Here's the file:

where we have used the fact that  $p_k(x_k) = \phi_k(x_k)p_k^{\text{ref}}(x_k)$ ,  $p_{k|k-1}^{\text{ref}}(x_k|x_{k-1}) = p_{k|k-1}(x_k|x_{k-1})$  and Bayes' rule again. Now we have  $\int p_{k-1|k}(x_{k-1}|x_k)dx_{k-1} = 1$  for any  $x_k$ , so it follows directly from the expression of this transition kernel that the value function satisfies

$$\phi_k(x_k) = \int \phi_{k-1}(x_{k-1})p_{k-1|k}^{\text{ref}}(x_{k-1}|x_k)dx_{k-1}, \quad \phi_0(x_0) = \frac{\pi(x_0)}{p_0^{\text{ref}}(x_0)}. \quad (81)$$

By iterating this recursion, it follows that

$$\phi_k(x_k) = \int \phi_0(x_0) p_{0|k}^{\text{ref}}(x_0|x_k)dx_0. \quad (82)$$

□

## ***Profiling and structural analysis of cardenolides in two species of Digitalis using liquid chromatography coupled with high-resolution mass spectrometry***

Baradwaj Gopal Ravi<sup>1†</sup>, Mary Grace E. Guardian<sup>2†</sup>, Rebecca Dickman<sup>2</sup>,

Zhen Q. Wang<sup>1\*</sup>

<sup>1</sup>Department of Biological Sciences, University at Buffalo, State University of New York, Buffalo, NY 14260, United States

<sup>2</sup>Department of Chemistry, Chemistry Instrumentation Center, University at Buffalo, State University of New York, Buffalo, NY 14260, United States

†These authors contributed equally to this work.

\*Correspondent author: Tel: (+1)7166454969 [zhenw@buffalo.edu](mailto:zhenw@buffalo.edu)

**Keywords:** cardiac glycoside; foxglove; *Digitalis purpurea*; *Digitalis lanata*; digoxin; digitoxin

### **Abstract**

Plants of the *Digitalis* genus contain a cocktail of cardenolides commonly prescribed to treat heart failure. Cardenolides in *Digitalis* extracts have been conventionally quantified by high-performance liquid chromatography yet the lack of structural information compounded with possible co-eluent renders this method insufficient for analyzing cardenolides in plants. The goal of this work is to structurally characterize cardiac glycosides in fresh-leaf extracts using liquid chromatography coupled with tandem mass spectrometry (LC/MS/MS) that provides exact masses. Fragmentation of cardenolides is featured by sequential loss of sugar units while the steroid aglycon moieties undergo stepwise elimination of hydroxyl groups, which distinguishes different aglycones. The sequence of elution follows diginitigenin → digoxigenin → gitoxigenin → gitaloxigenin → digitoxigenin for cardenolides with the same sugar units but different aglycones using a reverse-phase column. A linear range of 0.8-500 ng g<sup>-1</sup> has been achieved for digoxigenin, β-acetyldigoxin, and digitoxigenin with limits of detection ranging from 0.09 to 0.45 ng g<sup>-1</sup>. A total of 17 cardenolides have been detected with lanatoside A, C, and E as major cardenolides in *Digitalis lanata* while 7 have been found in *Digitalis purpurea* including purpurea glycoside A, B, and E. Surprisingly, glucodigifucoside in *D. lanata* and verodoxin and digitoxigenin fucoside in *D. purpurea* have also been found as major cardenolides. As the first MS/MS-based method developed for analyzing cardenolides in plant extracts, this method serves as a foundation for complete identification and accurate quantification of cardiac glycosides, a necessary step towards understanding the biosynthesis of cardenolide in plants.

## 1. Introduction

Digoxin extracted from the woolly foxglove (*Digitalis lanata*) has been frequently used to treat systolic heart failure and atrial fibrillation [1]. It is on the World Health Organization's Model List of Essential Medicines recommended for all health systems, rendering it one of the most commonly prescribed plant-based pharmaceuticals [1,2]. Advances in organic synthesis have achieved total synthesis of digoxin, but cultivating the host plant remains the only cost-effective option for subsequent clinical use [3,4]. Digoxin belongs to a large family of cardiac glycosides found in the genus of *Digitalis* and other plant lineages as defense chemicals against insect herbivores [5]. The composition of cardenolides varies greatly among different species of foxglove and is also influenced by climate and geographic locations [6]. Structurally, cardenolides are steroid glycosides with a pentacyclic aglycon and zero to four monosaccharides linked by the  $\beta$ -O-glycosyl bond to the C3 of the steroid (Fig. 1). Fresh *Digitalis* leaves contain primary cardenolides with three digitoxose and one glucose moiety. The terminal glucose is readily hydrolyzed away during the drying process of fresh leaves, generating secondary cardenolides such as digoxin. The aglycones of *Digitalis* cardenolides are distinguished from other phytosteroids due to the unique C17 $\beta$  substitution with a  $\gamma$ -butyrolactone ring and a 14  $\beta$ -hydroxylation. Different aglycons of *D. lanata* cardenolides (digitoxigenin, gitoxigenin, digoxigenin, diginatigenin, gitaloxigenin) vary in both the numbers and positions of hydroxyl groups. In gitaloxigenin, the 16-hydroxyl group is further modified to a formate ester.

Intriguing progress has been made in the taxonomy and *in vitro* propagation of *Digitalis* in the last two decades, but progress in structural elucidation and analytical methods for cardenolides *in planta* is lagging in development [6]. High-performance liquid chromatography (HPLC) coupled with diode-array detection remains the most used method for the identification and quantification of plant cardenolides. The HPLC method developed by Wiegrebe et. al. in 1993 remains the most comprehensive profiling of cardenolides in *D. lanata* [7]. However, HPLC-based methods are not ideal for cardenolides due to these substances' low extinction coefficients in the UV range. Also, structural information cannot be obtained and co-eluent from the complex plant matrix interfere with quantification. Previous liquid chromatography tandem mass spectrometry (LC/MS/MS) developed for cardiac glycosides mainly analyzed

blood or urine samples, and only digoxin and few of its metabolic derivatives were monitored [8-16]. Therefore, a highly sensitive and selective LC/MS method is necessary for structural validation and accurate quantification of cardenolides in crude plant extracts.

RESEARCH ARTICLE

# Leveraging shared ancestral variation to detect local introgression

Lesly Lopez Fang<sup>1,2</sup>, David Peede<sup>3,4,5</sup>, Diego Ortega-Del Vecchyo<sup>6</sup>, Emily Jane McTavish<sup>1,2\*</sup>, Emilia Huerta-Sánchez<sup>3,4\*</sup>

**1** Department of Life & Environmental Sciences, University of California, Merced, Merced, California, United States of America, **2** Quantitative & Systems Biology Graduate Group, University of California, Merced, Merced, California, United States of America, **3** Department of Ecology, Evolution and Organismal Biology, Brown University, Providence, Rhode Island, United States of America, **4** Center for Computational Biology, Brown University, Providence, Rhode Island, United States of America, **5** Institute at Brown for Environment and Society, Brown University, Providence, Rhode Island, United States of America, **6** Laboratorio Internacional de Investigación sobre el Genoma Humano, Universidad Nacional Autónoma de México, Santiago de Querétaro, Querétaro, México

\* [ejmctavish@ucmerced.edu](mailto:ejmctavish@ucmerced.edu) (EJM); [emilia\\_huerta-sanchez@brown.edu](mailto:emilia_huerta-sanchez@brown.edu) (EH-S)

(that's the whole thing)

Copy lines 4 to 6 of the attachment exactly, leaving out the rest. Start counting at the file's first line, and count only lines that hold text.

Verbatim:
$$\phi_k(x_k) = \int \phi_0(x_0) p_{0|k}^{\text{ref}}(x_0|x_k)dx_0. \quad (82)$$

□

## ***Profiling and structural analysis of cardenolides in two species of Digitalis using liquid chromatography coupled with high-resolution mass spectrometry***